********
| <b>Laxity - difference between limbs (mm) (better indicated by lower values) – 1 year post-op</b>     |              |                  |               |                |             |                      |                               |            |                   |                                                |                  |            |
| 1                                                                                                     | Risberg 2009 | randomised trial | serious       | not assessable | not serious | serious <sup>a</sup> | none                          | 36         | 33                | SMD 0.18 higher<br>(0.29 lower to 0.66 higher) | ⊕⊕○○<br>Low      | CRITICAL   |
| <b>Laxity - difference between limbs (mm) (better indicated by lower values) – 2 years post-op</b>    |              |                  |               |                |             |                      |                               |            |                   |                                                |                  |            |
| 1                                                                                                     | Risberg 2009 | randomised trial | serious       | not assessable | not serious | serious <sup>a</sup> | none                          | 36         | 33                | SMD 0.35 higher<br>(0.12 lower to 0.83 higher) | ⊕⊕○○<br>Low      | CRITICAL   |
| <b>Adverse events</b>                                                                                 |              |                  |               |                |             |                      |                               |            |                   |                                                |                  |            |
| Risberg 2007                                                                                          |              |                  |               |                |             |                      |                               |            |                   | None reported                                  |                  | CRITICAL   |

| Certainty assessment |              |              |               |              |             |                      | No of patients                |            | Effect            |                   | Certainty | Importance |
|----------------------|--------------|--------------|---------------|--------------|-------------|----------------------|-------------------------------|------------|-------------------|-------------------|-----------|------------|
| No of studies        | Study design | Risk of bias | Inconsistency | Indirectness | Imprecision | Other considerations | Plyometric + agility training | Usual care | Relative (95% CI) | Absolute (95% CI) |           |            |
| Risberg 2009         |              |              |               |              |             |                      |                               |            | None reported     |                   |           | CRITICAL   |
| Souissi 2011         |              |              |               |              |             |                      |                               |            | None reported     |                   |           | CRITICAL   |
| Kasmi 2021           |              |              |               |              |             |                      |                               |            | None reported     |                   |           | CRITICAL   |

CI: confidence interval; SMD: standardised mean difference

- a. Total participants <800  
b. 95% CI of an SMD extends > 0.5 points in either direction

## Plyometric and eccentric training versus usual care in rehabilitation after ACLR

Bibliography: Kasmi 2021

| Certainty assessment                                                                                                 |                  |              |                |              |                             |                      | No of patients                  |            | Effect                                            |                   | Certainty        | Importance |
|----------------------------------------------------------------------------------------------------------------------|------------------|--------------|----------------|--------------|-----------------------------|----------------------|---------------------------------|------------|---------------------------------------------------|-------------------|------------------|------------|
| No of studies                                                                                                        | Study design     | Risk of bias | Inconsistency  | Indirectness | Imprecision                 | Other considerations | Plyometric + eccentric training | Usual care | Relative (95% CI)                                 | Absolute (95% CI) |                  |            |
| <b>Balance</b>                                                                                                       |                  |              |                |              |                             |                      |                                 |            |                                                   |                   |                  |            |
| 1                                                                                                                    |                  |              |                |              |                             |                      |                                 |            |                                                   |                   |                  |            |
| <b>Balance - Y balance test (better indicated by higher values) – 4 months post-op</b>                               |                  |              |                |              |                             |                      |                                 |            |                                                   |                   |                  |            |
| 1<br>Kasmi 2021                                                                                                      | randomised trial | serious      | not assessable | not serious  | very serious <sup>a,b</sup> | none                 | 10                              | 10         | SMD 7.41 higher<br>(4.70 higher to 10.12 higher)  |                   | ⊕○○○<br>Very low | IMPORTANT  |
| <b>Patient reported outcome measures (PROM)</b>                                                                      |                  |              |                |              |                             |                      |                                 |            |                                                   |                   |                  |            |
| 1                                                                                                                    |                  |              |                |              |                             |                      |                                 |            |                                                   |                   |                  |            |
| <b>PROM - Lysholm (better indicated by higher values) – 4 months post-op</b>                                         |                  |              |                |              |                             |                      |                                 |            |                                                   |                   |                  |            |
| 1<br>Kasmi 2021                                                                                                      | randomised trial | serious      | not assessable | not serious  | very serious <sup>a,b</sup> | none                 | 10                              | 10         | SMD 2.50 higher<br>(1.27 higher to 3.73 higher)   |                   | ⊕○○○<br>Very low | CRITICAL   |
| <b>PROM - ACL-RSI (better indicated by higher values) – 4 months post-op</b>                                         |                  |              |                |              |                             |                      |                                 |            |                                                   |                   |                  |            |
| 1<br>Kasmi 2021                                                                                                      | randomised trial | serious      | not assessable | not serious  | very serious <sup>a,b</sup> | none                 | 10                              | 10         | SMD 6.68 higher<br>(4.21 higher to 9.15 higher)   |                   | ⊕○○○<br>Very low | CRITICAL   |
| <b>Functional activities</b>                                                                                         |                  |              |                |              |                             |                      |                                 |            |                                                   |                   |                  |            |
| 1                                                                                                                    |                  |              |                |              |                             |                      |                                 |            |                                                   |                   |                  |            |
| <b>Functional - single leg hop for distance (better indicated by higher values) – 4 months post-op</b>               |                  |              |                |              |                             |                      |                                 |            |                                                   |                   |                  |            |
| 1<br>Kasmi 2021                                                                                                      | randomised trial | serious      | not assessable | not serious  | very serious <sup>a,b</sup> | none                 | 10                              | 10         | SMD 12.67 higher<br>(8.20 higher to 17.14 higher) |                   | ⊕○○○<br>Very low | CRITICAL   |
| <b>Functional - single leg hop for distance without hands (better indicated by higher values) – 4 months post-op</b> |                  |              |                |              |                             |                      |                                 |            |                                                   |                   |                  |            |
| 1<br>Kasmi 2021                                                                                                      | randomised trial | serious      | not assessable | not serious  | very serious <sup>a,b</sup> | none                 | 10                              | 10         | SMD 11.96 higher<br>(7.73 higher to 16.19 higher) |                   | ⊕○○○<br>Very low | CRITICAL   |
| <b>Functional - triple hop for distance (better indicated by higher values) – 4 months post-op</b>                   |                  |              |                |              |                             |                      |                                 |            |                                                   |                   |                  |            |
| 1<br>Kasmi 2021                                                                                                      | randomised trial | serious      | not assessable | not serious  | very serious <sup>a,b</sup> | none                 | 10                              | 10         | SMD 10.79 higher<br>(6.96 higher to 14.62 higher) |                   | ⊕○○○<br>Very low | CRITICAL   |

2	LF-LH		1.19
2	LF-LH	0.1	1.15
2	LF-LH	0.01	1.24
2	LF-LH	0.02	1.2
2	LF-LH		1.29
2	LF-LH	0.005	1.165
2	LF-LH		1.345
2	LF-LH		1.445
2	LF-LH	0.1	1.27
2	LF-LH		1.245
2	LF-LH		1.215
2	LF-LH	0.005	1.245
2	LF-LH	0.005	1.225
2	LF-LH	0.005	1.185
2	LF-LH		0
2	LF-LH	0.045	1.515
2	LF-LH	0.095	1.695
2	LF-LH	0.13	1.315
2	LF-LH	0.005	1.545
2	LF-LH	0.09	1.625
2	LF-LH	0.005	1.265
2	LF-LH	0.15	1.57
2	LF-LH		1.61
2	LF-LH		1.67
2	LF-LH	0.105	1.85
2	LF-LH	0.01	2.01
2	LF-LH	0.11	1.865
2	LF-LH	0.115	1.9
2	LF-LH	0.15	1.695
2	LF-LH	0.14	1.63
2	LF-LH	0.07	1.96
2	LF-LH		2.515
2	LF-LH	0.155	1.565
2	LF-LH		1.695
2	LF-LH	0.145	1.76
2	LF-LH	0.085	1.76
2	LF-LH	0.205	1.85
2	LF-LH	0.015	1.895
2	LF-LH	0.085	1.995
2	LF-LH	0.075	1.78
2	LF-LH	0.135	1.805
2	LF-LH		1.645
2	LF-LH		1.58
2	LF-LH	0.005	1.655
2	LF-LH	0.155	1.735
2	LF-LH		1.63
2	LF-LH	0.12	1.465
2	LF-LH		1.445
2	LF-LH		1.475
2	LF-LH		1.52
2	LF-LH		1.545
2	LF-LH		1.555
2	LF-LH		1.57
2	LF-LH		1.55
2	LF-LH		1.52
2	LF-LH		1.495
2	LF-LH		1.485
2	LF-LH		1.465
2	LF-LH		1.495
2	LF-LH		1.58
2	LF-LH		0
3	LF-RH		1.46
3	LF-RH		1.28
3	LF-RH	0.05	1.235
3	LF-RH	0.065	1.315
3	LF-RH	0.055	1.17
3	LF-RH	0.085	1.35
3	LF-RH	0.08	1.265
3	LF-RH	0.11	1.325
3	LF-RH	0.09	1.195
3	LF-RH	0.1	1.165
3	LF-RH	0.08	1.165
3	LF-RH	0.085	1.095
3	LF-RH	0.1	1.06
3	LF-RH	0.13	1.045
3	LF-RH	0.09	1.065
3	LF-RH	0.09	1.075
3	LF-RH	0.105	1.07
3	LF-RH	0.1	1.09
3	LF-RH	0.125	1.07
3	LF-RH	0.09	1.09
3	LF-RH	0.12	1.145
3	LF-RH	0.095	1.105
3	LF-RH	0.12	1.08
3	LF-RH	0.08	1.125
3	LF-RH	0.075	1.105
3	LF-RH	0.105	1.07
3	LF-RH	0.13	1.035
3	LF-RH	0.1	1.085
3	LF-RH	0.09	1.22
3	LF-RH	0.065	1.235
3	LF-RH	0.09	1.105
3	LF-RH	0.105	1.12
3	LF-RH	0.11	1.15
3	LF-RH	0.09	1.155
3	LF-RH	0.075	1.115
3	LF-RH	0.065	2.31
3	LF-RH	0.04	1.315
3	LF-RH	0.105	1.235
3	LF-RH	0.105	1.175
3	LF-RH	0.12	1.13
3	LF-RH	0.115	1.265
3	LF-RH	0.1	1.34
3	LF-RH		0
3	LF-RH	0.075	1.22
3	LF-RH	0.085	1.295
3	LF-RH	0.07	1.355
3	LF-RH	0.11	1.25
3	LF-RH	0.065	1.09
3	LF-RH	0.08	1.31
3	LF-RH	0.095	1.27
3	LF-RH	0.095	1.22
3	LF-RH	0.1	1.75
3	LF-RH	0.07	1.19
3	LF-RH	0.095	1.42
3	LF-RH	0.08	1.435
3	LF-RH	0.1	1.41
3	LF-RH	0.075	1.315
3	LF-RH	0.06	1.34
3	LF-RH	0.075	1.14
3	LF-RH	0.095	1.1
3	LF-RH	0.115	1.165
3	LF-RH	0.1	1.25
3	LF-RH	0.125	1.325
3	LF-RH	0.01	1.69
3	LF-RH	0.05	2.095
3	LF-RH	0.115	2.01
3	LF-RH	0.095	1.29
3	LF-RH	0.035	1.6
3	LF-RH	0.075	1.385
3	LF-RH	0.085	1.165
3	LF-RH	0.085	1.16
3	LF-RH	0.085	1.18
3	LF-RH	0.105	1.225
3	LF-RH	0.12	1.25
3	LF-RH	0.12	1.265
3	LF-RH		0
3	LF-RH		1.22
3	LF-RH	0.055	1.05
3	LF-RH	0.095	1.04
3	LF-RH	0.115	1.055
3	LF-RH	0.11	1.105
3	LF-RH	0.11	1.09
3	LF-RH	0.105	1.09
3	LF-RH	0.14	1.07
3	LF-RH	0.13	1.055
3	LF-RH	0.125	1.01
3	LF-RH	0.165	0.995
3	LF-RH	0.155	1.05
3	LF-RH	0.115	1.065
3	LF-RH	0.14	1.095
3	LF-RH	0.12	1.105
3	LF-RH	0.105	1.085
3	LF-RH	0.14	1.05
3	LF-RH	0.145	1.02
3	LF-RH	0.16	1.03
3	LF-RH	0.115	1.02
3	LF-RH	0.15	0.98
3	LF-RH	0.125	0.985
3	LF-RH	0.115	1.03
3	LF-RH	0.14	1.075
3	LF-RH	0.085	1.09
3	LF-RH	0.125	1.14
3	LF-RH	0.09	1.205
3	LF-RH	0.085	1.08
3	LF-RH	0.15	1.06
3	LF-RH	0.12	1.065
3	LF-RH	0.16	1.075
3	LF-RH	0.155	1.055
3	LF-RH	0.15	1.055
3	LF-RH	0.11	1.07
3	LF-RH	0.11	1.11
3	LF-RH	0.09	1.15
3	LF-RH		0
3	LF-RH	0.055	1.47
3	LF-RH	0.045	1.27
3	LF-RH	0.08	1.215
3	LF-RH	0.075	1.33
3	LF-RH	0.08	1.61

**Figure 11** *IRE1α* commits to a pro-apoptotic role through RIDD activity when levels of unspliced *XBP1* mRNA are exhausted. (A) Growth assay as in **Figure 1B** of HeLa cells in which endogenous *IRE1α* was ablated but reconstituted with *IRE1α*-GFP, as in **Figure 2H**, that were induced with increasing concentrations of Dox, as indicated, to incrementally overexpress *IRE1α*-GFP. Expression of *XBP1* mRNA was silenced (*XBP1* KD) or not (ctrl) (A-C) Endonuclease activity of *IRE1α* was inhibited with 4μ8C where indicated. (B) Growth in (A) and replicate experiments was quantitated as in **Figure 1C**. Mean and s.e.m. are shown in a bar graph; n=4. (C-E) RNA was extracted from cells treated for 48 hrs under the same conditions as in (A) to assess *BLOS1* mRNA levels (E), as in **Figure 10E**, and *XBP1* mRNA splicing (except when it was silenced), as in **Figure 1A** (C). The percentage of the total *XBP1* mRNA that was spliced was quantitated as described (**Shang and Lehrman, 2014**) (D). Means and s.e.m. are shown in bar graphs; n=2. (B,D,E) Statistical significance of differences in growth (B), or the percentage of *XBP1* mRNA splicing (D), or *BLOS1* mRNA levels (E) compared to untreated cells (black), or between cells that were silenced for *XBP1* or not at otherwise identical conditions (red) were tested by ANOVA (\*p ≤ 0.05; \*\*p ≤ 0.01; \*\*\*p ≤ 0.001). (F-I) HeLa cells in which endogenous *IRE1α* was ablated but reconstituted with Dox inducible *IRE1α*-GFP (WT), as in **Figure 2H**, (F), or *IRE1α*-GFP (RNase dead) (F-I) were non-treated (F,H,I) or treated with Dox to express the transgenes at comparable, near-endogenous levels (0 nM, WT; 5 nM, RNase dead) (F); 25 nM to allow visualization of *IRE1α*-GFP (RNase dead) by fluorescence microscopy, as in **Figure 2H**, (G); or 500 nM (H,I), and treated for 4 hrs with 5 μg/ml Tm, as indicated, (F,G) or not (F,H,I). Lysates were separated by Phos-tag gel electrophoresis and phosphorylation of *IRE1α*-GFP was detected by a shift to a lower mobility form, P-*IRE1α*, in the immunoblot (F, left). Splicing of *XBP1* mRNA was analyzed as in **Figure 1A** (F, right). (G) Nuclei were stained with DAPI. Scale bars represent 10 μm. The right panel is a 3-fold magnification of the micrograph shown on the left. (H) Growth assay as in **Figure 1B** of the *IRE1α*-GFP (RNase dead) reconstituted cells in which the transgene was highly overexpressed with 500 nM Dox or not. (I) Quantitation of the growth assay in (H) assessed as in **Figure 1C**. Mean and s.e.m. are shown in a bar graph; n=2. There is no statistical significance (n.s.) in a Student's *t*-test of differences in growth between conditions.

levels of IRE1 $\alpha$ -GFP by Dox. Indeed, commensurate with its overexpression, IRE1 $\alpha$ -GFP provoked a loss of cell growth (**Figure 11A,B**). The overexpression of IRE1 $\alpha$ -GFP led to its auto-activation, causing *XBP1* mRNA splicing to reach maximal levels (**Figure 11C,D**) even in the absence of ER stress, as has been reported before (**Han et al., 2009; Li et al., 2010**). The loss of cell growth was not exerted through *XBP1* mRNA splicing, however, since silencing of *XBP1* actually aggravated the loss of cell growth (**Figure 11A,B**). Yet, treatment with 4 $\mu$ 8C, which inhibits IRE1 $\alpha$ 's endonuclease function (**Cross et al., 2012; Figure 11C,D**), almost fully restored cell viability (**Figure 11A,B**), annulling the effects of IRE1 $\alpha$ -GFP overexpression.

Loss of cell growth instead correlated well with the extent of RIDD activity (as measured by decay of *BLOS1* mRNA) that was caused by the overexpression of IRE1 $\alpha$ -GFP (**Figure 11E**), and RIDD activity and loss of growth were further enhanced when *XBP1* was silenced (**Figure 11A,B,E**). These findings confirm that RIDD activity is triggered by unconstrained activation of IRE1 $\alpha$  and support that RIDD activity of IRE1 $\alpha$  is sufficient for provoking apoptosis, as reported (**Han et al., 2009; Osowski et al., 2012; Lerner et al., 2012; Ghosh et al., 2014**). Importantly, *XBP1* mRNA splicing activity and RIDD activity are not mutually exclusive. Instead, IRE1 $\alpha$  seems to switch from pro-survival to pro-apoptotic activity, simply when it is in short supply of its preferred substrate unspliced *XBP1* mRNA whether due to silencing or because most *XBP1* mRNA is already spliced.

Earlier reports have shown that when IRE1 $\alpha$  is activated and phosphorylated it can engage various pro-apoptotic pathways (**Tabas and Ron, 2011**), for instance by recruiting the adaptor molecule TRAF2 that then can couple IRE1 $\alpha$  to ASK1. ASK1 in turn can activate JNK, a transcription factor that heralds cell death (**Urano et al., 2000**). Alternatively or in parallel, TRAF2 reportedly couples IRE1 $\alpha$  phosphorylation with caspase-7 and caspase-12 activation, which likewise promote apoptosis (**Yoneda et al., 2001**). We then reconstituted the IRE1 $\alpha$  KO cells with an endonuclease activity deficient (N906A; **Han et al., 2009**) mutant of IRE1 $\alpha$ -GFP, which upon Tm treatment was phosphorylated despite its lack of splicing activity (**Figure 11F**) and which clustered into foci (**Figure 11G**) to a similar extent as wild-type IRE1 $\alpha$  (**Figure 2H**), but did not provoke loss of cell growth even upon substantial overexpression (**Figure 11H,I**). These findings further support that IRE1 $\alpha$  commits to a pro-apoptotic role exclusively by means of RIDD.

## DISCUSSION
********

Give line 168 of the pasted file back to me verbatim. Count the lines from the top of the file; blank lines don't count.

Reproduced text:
3	LF-RH	0.075	1.385